professor of history and the director of the European Centre for Palestine Studies at the University of Exeter. He is the author of several books, including, most recently, The Idea of Israel: A History of Power and Knowledge.
As the Palestinian death toll tops 1,000 in Gaza, we are joined from Haifa by Israeli professor and historian Ilan Pappé. "I think Israel in 2014 made a decision that it prefers to be a racist apartheid state and not a democracy," Pappé says. "It still hopes that the United States will license this decision and provide it with the immunity to continue, with the necessary implication of such a policy vis-à-vis the Palestinians wherever they are." A professor of history and the director of the European Centre for Palestine Studies at the University of Exeter, Pappé is the author of several books, including most recently, "The Idea of Israel: A History of Power and Knowledge."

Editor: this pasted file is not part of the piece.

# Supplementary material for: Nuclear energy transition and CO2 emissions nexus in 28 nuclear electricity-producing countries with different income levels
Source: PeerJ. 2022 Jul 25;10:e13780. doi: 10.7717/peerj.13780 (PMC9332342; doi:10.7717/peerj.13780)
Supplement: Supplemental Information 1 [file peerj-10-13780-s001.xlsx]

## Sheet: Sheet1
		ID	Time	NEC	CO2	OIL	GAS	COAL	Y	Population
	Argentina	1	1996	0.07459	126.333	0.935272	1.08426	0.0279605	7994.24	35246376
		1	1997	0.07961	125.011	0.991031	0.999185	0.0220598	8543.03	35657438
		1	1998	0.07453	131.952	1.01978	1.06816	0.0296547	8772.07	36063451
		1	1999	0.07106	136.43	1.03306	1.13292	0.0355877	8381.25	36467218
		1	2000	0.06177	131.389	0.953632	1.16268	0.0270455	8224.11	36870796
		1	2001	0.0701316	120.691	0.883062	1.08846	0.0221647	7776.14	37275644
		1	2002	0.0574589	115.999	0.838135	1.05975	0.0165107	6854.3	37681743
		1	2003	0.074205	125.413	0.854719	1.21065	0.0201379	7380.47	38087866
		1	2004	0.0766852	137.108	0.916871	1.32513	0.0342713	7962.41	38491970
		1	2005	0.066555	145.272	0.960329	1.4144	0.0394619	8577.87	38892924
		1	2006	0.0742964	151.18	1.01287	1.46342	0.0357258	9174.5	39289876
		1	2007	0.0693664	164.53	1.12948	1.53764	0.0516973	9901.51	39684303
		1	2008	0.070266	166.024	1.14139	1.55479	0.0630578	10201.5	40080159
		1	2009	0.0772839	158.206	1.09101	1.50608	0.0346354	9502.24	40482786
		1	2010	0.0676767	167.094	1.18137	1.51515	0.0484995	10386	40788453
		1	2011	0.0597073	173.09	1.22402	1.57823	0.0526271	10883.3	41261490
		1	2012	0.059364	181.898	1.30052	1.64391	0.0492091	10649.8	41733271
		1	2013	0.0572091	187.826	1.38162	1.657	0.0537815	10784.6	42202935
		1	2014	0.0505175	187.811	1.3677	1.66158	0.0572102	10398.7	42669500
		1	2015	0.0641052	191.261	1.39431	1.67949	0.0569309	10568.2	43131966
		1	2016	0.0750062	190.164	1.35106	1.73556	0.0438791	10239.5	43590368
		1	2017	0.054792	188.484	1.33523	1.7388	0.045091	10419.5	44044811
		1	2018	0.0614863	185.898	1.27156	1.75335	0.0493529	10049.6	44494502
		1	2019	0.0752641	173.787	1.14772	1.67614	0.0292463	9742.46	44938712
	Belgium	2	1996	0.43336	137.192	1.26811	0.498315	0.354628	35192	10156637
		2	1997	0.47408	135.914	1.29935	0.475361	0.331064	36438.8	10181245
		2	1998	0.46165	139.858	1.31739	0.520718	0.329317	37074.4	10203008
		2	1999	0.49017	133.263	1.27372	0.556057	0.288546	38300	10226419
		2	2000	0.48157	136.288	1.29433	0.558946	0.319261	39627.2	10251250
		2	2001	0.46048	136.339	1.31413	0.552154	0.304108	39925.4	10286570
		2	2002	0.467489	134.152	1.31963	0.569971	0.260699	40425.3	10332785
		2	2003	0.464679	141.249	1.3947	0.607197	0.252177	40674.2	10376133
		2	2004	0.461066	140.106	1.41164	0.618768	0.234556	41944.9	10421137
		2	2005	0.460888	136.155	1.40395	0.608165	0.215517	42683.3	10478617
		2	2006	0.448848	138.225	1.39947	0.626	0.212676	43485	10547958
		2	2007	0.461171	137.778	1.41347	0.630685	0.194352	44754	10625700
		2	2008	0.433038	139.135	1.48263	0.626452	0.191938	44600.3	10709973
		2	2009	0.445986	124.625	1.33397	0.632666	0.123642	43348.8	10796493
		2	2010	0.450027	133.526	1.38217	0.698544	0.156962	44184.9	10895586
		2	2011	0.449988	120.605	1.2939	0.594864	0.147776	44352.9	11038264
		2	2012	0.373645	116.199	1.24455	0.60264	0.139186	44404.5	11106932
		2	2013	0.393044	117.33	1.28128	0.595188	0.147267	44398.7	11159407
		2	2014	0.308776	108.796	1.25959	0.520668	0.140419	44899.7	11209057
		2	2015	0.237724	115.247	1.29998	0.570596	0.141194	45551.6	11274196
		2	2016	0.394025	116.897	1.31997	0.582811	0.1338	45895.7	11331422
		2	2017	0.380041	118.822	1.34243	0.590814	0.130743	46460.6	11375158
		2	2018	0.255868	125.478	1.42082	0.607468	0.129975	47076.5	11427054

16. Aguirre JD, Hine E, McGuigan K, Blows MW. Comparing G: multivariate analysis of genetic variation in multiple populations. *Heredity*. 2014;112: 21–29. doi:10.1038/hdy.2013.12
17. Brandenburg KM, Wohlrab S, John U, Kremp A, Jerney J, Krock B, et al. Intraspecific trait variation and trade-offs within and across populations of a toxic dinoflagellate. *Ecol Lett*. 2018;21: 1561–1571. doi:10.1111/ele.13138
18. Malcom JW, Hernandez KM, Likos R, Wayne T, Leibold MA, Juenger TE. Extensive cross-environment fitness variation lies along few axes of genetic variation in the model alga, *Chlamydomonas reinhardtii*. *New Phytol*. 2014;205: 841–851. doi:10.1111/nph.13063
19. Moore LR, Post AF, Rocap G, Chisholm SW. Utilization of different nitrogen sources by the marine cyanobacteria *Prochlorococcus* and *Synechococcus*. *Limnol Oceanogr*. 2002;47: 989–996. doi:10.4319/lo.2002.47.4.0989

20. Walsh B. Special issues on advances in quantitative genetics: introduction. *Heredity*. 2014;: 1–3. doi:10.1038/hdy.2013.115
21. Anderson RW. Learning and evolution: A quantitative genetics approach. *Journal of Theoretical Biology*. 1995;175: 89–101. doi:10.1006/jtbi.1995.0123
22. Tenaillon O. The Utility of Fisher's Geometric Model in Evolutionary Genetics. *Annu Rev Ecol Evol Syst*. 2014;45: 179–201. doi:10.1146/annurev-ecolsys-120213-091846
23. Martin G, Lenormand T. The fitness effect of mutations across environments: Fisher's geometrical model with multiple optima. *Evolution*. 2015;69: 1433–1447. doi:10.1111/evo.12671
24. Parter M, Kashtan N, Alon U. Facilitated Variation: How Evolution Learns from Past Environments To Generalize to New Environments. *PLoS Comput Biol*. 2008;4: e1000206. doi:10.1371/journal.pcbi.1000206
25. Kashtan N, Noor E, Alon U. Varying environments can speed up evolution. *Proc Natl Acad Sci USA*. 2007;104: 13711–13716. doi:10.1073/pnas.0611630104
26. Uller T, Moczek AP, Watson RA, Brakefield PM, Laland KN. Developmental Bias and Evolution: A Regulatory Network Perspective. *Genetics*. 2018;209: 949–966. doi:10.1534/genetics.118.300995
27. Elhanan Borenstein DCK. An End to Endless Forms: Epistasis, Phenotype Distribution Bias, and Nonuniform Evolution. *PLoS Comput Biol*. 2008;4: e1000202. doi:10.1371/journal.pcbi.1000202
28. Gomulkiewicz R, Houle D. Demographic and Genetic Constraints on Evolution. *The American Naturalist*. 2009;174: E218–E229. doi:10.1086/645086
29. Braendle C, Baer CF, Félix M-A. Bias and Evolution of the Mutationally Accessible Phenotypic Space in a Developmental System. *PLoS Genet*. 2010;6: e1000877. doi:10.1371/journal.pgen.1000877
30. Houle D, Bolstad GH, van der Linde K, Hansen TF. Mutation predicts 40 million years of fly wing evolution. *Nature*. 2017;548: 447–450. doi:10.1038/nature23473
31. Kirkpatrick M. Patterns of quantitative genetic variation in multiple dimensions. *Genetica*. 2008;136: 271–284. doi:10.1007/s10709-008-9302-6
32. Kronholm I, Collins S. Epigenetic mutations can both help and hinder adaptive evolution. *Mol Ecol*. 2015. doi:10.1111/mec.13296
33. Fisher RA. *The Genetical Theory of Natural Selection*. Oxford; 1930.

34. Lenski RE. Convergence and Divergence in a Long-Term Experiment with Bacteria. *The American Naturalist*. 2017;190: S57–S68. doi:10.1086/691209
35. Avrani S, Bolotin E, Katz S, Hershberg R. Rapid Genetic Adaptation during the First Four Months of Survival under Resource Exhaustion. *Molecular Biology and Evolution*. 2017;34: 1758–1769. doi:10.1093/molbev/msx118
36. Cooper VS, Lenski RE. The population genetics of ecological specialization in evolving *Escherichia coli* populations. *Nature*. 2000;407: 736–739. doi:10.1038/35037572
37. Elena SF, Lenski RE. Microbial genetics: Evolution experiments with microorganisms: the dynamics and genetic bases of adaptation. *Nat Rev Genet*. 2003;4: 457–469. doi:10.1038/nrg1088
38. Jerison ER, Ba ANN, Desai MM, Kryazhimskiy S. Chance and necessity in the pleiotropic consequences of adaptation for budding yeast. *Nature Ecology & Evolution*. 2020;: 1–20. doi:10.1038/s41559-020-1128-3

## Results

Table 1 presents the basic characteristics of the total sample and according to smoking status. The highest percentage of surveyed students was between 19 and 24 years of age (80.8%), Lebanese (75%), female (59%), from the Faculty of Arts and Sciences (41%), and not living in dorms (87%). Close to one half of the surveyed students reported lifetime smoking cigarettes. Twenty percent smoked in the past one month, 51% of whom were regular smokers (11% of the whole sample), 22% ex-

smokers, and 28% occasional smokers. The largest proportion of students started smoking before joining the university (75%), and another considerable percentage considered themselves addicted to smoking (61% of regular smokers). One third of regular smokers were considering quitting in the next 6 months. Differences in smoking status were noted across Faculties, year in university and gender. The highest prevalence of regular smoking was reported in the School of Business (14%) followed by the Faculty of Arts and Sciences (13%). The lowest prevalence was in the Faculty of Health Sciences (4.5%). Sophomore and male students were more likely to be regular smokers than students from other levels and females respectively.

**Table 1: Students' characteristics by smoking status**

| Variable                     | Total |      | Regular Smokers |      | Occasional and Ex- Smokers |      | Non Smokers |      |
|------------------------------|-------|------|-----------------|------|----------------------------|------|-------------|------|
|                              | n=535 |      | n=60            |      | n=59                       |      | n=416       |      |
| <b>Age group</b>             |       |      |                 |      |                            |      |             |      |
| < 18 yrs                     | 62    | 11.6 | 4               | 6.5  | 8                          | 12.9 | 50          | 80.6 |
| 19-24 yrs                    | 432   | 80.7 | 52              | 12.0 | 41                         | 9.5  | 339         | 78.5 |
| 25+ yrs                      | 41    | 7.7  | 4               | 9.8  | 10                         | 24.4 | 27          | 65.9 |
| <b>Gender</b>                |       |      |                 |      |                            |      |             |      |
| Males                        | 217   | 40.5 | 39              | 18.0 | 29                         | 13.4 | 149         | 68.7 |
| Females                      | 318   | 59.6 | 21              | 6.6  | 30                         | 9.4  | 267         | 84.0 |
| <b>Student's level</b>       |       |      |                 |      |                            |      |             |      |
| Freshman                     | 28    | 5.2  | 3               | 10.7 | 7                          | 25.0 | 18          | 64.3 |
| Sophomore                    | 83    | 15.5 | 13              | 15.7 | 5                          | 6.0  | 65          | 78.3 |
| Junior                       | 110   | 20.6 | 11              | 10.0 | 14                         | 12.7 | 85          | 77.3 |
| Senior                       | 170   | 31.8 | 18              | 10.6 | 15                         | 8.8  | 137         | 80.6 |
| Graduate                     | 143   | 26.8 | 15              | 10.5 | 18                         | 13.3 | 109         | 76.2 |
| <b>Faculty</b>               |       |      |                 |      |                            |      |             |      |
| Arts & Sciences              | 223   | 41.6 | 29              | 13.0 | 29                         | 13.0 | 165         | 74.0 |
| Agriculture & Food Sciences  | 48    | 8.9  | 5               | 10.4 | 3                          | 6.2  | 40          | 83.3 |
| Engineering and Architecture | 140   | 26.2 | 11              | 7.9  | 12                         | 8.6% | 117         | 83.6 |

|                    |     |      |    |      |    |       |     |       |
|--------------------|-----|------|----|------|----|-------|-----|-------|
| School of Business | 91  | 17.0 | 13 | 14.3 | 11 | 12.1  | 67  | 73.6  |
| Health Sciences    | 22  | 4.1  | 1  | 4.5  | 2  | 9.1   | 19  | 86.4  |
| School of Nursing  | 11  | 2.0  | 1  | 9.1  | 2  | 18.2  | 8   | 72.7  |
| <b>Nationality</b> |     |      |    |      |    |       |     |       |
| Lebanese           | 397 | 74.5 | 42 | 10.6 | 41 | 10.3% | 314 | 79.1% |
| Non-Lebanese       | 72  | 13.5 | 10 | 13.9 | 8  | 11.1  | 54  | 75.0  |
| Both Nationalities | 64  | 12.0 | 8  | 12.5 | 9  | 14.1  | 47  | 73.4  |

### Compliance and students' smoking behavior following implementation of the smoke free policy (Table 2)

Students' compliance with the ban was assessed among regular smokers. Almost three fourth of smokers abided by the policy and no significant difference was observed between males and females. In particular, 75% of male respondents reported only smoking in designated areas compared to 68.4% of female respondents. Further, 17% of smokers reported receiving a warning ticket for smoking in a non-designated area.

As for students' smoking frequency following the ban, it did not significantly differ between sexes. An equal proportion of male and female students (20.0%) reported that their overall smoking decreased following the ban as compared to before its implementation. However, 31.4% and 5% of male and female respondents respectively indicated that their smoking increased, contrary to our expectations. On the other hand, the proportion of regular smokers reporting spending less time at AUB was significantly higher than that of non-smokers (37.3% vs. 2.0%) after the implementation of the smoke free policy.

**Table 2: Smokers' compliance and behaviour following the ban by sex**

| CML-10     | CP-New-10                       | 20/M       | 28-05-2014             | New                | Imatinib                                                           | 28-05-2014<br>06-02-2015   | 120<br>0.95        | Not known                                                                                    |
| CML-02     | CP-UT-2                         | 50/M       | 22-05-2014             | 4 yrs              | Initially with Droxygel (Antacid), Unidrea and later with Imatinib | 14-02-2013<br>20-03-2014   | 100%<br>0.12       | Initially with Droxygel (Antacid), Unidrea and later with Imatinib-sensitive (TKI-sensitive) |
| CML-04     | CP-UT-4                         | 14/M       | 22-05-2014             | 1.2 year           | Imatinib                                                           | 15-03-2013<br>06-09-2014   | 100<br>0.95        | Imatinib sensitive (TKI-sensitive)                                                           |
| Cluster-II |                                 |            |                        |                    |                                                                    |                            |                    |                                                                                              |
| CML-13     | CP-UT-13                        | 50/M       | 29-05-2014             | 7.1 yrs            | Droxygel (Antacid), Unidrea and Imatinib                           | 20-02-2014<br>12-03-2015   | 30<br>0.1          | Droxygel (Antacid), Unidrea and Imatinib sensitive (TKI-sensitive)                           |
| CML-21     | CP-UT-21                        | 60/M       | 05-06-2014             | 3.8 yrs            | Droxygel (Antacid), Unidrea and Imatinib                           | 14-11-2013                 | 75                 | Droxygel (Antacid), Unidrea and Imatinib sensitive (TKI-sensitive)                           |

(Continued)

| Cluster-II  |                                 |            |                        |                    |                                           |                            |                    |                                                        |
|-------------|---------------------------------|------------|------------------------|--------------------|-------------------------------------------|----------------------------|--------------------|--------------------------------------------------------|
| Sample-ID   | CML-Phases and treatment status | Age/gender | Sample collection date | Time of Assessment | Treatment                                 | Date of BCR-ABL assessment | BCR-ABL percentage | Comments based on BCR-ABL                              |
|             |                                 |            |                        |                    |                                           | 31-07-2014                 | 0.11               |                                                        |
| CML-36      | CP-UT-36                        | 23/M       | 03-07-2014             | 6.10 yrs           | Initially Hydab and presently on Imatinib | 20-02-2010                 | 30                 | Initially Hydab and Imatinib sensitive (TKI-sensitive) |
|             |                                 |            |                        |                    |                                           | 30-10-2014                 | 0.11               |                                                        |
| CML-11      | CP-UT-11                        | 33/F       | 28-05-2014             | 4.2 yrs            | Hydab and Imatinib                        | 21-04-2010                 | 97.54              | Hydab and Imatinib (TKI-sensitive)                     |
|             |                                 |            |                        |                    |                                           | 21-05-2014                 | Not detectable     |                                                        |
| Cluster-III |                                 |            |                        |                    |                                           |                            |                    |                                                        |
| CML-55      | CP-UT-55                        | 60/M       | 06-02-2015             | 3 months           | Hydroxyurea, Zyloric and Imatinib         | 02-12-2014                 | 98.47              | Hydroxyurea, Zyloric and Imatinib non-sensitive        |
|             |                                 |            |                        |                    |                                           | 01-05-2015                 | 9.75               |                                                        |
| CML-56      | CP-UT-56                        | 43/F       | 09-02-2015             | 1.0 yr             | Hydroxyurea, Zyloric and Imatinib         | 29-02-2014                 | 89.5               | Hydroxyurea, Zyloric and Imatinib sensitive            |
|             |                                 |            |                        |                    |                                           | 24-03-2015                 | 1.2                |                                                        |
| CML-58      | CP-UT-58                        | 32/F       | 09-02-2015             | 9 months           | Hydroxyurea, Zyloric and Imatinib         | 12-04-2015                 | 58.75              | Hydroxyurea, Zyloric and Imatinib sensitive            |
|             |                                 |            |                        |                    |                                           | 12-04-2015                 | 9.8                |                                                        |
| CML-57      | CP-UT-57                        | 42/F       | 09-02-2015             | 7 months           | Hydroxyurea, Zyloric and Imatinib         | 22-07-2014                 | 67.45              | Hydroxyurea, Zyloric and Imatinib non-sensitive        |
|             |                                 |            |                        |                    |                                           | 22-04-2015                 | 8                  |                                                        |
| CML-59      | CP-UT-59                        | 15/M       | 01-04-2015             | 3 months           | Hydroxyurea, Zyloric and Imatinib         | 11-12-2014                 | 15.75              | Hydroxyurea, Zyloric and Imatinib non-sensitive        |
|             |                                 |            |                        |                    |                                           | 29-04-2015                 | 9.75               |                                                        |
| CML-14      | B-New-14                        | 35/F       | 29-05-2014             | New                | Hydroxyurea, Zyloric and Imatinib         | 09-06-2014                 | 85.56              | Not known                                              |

AMY GOODMAN: As we continue our coverage of the crisis in Gaza, we go to Haifa, Israel, to speak with Ilan Pappé, a professor of history and the director of the European Centre for Palestine Studies at the University of Exeter in Britain. He’s the author of a number of books, including, most recently, The Idea of Israel: A History of Power and Knowledge, joining us by Democracy Now! video stream from Haifa.
Welcome to Democracy Now!, Professor Pappé. At this point, over a thousand Palestinians have been killed, as well, I believe the number is 45 Israeli soldiers, and three civilians have been killed in Israel. Can you talk about the latest negotiations over a ceasefire and what you think needs to happen?